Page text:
I understand your anguish.  I get it when you want profit targets.  To me, trading is working with statistics.  You know your future contains some periods of time that are devastating for uninsured iron condor traders.  You also know that sometimes the markets move up and down, yet remain within your safe range.  In my opinion, this is a matter of luck.  However, if you are a trader who uses technical analysis to choose strike prices, and believe that it works, then good luck may be the result of skillfully selecting appropriate strike prices.

Your job is to make a good trade (based on conditions at the time) and to manage it well.  If you do that, you will not need targets to see that you have been successful.

738

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a) Rookie's Guide to Options: Sampler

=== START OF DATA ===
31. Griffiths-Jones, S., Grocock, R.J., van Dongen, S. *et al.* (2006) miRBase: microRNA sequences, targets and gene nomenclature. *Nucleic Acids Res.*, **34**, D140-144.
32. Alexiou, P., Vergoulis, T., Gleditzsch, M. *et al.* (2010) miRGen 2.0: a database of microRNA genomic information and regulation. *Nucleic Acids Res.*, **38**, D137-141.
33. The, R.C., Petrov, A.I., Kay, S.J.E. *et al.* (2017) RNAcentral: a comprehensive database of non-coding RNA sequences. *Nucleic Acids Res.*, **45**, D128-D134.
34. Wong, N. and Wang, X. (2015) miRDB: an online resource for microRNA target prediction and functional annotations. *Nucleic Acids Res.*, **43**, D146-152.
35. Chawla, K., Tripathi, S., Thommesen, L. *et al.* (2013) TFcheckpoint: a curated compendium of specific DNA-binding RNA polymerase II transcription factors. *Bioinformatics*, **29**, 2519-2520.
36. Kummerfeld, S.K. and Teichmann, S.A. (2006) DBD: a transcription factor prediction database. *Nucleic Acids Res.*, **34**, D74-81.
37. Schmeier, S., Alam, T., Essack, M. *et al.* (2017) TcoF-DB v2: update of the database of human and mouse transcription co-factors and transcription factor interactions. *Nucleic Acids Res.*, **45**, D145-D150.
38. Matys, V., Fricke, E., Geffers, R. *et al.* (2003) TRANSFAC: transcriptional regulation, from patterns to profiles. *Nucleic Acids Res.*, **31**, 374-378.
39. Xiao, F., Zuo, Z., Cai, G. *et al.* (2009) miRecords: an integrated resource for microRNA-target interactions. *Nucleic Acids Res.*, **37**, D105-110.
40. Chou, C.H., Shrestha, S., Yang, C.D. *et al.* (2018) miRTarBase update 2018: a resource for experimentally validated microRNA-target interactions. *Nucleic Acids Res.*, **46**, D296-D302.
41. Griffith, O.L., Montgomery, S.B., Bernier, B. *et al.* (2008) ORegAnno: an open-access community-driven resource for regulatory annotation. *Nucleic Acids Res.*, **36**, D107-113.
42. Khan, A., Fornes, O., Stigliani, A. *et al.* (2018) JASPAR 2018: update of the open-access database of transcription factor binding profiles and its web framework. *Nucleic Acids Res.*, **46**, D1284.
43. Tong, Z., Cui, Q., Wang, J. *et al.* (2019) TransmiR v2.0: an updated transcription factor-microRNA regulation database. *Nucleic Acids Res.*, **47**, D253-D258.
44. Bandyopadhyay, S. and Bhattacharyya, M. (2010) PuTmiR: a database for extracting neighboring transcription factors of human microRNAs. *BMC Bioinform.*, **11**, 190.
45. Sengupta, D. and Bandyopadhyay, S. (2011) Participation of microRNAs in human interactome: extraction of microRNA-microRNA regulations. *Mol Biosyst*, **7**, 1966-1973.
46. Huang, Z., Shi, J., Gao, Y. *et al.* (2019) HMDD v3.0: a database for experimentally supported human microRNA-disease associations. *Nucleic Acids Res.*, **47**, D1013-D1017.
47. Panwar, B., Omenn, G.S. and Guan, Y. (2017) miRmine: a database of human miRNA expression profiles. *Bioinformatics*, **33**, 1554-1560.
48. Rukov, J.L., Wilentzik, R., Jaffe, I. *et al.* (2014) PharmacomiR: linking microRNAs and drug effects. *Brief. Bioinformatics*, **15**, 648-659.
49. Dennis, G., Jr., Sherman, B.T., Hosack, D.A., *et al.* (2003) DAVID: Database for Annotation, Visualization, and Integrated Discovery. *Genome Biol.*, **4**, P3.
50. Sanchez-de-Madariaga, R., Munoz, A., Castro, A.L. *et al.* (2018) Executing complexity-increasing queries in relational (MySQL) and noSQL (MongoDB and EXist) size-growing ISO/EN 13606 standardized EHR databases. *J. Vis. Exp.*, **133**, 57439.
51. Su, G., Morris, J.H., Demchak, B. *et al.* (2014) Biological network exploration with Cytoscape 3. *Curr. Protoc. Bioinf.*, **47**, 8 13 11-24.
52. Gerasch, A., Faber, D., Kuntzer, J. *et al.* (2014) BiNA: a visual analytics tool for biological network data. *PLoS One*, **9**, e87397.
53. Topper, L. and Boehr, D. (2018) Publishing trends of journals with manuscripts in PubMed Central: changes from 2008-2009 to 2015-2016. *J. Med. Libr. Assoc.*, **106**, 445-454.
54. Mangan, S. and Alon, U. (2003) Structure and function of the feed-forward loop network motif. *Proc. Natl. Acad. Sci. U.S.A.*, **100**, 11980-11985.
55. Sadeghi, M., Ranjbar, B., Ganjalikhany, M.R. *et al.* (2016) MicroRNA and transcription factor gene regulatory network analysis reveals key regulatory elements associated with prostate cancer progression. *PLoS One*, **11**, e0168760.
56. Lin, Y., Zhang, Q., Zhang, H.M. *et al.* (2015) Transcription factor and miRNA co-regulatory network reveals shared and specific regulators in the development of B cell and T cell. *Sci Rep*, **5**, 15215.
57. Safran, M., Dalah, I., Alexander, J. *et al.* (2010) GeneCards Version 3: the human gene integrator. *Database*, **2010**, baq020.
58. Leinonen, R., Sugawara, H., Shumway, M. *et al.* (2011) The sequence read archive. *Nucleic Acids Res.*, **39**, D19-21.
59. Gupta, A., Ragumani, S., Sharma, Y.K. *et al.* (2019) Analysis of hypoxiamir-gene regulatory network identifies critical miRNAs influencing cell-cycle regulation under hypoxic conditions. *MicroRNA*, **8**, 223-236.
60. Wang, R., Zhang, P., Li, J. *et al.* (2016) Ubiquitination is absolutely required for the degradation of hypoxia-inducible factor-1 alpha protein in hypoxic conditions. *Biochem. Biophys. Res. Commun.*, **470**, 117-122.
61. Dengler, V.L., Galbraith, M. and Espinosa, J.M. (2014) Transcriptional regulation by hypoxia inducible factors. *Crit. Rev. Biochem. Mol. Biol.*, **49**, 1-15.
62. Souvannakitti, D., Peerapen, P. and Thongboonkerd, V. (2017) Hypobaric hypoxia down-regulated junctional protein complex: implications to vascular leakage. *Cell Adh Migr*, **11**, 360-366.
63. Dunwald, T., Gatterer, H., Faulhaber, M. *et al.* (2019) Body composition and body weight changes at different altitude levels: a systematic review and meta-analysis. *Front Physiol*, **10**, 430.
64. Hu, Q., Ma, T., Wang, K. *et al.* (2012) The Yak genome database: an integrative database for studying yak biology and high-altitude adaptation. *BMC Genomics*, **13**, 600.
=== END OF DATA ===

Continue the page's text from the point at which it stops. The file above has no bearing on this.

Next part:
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Expiring Monthly: Back Issue Giveaway

Promotion ended 5/2/2010.
The article with the most votes is: 'Predicting Stock Returns with Implied Volatility', written by Jared Woodard. As promised, here's the link to that article.

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Expiring Monthly is an electronic magazine, and 100% devoted to options.

Below is the Table of Contents for the inaugural issue, March 2010. 


1003_TOC

To enter the contest, choose the single article you would most like to read. Post a comment (on this post) and include the tile of the article that gets your vote. The title is sufficient; no additional commentary is necessary to enter.

At least three readers, whose comment is randomly selected, will receive the March 2010 issue via email.